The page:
749. Intolerance of criticism even of what one may prize as life itself is not conducive to the growth of public corporate life. –YI, 5-3-25, 82.

On Hinduism

750. I can no more describe my feeling for Hinduism than for my wife. She moves me as no other woman in the world can. Not that she has no faults. I dare say she has many more than I see myself. But the feeling of an indissoluble bond is there. Even so I feel about Hinduism with all its faults and limitations. Nothing elates me so much as the music of the Gita or he Ramayana of Tulsidas, the only two books in Hinduism I may be said to know. I know the vice that is going on today in all the great Hindu shrines, but I love them in spite of their unspeakable failings. I am a reformer through and through. But my zeal never takes me to the rejection of any of the essential things in Hinduism. –YI, 6-10-21, 318.


751. Hinduism is a living organism liable to growth and decay, and subject to the laws of nature. One and indivisible at the root, it has grown into a vast tree with innumerable branches. The changes in the seasons affect it. It has its autumn and summer, its winter and spring. The rains nourish and fructify it too. Hinduism is like the Ganges, pure and unsullied at its source, but taking in its course the impurities in the way. Even like the Ganges it is beneficent in its total effect. –YI, 8-4-26, 131.

(A) GURUVADA

752. I believe in the Hindu theory of guru and its importance in spiritual realization. I think there is a great deal of truth in the doctrine that true knowledge is impossible without a guru. An imperfect teacher in mundane affairs may be tolerable, but not so in spiritual matters. Only a perfect gnani (a knowing one, a seer) deserves to be enthroned as guru.

–Auto, 113.


753. I must therefore warn all against accepting imperfect ones as gurus. It is better to grope in the dark and wade through a million errors to Truth than to entrust oneself to one who ‘knows not that he knows not’.

–YI, 3-12-25, 422.

(B) IDOL WORSHIP

754. I do not disbelieve in idol worship. An idol does not excite any feeling of veneration in me. But I think that idol worship is part of human nature. We hanker after symbolism. –YI, 6-10-21, 318.


755. Should we forget our humanity and return a blow for a blow? If some misdirected individual took it into his head to desecrate a temple or break idols, should a Hindu in return desecrate a mosque on that account? Did it in any way help to protect the temple or to save the cause of Hinduism? Personally, he was as much an idol-worshipper as an idol-breaker, and he suggested that the whole of the audience, whether Hindu, Musli9m or any other, were also so, whether they admitted it or not. He knew that mankind thirsted for symbolism. Were not masjids or churches in reality the same as mandirs? God resided everywhere, no less in stock or stone than in a single hair on the body of man. But men associated sacredness with particular places and things more than with others. Such sentiment was worthy of respect when it did not mean restrictions on similar freedom for others. To every Hindu and Mussulman, Gandhiji’s advice was if there was compulsion anywhere, they should gently but firmly refuse to submit to it. Personally, he himself would hug an idol and lay down his life to protect it rather than brook any restriction upon his freedom of worship.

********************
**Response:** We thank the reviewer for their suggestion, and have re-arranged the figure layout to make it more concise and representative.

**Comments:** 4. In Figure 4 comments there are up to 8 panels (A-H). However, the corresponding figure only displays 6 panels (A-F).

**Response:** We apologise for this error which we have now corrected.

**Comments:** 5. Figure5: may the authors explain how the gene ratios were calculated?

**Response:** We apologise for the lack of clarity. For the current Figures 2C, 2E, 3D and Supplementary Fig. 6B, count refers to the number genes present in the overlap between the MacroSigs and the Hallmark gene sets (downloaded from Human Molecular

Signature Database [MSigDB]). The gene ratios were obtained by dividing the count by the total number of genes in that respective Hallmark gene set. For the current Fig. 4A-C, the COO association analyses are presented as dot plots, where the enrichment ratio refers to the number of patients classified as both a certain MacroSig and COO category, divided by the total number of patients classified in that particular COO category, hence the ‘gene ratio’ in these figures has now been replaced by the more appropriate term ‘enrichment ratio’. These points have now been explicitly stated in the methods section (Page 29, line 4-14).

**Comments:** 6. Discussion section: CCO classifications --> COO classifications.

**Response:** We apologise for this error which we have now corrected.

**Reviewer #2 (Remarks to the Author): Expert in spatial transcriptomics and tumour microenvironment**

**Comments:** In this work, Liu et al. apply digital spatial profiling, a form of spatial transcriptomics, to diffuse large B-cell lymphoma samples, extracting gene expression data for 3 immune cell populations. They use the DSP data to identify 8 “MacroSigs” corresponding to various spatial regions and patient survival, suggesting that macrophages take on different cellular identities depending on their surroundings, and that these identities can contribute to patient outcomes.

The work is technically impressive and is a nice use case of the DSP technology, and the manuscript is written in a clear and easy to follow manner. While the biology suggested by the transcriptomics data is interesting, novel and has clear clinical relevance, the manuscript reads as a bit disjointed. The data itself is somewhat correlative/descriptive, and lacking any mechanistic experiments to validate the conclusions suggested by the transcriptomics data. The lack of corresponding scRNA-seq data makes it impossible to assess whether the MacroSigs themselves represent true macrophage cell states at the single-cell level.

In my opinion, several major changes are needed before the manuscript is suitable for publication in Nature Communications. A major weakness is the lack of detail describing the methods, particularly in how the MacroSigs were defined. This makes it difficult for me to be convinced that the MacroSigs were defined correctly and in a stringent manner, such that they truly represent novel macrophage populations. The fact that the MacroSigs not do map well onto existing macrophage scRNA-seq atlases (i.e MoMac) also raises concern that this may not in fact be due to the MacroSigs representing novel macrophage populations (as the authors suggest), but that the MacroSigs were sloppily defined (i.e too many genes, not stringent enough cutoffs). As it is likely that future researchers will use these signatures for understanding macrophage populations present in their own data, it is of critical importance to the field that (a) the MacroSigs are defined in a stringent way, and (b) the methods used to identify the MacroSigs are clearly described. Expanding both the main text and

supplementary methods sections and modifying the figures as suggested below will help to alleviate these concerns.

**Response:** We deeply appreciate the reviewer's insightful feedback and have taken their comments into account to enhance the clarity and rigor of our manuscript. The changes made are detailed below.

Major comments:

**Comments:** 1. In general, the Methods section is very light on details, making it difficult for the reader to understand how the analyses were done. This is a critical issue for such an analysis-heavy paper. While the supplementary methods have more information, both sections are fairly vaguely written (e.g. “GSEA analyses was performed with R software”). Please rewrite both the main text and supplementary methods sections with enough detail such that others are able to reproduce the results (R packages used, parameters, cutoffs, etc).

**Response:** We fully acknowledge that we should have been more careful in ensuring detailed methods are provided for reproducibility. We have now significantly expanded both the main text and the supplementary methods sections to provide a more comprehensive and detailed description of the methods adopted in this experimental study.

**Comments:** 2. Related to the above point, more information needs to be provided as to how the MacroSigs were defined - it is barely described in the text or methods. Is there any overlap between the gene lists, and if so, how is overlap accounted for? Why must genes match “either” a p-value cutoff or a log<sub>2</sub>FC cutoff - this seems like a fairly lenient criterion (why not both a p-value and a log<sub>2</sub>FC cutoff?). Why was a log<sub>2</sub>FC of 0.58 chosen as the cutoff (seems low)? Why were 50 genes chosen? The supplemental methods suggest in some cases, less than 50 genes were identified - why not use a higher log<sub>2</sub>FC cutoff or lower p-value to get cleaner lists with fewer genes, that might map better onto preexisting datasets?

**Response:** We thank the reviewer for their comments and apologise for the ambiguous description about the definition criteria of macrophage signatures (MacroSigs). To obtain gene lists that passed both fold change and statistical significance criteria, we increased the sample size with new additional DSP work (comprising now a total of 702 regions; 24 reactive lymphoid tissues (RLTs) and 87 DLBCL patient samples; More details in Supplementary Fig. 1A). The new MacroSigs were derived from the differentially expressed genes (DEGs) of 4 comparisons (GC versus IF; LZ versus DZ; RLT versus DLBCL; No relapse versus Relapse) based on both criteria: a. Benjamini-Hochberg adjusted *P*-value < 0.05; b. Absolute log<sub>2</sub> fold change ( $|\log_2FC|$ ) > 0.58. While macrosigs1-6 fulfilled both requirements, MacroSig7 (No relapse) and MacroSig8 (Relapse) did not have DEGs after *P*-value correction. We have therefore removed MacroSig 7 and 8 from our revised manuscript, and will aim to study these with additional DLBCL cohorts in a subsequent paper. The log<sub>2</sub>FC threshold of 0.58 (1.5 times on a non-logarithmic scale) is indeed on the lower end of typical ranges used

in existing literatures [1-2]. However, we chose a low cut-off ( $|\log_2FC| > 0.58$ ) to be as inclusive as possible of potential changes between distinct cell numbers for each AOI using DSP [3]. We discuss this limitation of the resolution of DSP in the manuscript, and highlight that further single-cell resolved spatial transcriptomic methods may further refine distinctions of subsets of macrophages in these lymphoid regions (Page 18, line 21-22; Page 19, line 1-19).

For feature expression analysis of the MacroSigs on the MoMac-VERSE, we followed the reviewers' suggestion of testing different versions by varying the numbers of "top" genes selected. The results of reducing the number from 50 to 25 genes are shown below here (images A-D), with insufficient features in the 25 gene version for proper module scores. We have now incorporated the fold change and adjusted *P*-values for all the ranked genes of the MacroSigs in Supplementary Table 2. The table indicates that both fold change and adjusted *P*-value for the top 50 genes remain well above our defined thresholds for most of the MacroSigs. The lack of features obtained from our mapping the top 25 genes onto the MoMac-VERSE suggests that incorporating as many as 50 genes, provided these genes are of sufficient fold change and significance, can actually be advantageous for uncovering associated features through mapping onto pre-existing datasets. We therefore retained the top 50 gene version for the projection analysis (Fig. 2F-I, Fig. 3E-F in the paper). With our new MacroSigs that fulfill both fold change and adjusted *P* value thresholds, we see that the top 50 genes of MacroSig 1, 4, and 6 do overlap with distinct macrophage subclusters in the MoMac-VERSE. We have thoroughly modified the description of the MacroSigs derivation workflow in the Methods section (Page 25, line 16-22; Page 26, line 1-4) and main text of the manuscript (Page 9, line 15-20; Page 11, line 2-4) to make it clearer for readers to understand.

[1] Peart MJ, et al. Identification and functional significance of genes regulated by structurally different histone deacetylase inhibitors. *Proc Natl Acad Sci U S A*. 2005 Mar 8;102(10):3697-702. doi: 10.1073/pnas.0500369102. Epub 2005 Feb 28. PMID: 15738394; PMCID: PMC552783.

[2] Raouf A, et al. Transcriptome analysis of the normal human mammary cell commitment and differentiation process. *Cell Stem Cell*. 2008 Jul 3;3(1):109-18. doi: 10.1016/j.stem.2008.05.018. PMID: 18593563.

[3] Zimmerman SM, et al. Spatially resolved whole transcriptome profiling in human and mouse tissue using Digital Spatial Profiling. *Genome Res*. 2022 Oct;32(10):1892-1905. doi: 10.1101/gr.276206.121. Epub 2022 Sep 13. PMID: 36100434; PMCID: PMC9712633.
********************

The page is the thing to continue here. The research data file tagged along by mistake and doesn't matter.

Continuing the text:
–H, 30-3-47, 86.

(C) INCARNATION

756. In Hinduism, incarnation is ascribed to one who has performed some extraordinary service of mankind. All embodied life is in reality an incarnation of God, but it is not usual to consider every living being as an incarnation. Future generations pay this homage to one who, in his own generation, has been extraordinarily religious in his conduct. I can see nothing wrong in this procedure; it takes nothing from God’s greatness and there is no violence done to truth. There is an Urdu saying which means ‘Adam is not God but he is a spark of the Divine.’ And therefore he who is the most religiously behaved has most of the divine spark in him. It is in accordance with this train of thought that Krishna enjoys, in Hinduism, the status of the most perfect incarnation. –YI, 6-8-31, 205.

(D) BELIEF IN THE HEREDITARY TRANSMISSIBILITY OF CHARACTER

757. Children inherit the qualities of the parents, no less than their physical features. Environment does play an important part, but the original capital on which a child starts in life is inherited from its ancestors. –Auto, 381.

758. I believe that just as every one inherits a particular form so dies he inherit the particular characteristics and qualities of his progenitors, and to make this admission is to conserve one’s energy. That frank admission, if he will act up to it, would put a legitimate curb upon our ambitions, and thereby our energy is set free for extending the field of spiritual research and spiritual evolution. It is this doctrine of Varnashrama Dharma which I have always adopted. –YI, 29-9-27, 329.

(E) VARNA

759. I regard Varnashrama as a healthy division of work based on birth. The present ideas of caste are a perversion of the original. There is no question with me of superiority or inferiority. It is purely a question of duty. I have indeed stated that varna is based on birth. But I have also said that it is possible for a shudra, for instance, to become a vaishya. But in order to perform the duty of a vaishya he does not need the label of a vaishya. He who performs the duty of a Brahman will easily become one in the next incarnation. –YI, 23-4-25, 145.